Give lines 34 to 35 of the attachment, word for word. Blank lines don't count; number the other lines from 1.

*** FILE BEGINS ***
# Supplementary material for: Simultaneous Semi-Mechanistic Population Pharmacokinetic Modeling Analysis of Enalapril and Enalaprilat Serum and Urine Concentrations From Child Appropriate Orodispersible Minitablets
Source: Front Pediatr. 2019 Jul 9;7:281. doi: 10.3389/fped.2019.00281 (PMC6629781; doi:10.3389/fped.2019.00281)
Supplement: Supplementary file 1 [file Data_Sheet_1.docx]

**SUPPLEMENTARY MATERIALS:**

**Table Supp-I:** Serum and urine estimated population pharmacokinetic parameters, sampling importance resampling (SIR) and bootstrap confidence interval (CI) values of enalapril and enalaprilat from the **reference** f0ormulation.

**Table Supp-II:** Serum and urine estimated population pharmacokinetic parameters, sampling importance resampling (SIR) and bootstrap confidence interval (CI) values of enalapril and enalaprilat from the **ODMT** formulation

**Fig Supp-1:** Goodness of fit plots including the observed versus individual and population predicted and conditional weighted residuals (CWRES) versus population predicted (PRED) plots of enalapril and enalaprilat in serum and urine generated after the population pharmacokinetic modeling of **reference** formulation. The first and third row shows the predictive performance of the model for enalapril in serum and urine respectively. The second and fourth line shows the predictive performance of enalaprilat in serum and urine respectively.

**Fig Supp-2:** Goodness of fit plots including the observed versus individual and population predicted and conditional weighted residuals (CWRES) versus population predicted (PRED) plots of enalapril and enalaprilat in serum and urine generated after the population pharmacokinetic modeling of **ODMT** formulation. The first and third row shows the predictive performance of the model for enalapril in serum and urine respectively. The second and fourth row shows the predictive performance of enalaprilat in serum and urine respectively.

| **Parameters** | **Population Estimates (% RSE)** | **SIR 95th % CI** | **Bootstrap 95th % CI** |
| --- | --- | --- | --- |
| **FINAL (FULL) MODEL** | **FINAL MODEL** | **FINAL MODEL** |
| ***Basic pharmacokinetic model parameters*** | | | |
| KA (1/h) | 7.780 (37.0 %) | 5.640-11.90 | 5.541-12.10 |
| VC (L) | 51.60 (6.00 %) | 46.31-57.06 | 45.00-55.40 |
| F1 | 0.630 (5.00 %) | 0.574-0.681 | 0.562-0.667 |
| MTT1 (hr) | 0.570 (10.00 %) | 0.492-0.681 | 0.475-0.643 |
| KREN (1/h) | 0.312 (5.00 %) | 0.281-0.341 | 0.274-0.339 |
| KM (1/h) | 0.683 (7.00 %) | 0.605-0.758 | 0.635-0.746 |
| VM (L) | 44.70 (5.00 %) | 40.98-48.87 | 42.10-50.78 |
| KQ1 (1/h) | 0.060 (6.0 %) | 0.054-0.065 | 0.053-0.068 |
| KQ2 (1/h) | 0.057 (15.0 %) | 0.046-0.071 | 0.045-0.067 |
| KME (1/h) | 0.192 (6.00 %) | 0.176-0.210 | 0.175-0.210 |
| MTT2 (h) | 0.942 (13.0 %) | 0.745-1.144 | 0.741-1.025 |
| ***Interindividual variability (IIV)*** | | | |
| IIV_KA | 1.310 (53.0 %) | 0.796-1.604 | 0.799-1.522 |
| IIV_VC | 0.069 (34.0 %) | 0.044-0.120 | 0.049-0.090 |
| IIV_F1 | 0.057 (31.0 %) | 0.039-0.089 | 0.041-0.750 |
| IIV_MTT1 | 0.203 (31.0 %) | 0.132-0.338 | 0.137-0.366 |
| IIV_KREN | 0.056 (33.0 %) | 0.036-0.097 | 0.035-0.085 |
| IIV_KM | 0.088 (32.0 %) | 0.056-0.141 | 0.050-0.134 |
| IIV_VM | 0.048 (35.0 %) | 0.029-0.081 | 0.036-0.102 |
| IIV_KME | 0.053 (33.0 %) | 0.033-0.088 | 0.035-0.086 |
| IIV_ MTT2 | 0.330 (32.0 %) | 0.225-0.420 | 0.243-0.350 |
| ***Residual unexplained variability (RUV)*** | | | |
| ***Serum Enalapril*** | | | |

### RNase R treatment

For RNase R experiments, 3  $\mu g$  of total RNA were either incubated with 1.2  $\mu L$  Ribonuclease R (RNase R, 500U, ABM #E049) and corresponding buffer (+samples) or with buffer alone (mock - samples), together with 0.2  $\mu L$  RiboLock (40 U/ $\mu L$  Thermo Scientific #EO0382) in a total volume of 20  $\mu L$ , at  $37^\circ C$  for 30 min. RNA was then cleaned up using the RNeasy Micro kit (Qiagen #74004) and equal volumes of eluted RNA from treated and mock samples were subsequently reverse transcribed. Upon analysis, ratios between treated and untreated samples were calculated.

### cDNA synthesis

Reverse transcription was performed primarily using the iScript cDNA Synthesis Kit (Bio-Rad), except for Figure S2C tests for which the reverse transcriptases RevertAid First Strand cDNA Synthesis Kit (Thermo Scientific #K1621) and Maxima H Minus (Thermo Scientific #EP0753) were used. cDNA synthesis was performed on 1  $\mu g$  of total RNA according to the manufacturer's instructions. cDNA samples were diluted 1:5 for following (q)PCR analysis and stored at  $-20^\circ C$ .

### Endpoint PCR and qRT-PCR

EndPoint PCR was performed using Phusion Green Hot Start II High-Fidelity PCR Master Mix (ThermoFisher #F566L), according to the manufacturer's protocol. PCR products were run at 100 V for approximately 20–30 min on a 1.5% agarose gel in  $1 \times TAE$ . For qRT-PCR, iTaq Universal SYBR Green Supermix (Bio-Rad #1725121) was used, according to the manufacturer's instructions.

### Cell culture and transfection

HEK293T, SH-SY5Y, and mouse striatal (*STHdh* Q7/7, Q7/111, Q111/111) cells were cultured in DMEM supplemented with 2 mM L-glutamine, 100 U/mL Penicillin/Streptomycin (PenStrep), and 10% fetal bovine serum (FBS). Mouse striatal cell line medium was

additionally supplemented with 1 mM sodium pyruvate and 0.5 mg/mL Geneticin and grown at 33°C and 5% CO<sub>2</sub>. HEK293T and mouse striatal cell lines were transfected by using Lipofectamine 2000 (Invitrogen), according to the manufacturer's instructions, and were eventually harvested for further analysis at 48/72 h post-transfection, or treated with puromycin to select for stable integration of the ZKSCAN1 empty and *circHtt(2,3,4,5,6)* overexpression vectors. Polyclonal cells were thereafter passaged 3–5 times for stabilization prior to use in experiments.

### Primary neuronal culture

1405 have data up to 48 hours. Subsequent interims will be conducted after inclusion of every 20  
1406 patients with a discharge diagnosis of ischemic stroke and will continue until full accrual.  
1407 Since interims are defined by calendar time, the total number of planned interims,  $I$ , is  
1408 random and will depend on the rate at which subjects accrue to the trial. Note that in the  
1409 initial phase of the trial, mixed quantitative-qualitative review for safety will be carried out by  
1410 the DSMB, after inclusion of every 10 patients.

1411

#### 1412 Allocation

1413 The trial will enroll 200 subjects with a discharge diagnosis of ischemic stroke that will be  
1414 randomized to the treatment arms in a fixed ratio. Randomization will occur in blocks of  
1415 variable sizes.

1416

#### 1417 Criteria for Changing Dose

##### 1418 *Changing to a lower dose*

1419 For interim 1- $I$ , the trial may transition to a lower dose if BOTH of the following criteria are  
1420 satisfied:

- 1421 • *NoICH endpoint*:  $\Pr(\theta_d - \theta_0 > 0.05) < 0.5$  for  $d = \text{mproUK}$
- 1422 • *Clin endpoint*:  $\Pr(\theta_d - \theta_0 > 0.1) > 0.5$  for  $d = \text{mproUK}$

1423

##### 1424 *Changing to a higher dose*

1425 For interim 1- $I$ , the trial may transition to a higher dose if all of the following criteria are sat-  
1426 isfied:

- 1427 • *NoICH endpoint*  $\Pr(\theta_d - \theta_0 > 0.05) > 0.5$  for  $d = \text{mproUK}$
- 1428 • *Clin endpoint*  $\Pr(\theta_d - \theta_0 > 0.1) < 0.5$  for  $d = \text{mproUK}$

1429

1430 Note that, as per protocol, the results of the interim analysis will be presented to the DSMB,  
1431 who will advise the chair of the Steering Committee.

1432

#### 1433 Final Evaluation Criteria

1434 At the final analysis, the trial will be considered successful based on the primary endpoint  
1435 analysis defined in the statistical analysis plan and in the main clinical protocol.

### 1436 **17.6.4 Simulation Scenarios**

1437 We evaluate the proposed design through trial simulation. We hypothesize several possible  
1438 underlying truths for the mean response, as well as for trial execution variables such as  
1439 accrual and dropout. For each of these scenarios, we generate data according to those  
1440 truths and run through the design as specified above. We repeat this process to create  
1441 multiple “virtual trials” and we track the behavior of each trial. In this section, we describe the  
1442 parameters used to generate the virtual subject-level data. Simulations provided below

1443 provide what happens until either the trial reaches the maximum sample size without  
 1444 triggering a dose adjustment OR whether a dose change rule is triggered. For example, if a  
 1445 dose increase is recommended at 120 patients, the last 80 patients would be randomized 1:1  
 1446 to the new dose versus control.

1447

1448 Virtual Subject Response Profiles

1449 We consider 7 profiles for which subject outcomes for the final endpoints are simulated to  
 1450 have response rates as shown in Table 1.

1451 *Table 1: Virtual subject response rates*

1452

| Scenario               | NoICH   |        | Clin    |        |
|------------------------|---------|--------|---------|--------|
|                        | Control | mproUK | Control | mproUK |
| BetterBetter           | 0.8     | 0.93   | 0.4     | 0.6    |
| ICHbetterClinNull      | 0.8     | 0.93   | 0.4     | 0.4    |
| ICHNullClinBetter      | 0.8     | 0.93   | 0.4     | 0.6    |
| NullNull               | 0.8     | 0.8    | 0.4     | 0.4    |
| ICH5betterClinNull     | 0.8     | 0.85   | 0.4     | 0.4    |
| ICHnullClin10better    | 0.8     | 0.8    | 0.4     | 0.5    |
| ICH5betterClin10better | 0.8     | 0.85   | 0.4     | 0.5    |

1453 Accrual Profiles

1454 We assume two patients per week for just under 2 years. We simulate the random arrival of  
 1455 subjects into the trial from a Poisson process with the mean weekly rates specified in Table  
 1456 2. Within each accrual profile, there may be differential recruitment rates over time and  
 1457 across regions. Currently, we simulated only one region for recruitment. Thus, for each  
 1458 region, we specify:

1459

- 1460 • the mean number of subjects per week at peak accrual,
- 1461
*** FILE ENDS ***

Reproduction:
| ***Residual unexplained variability (RUV)*** | | | |
| ***Serum Enalapril*** | | | |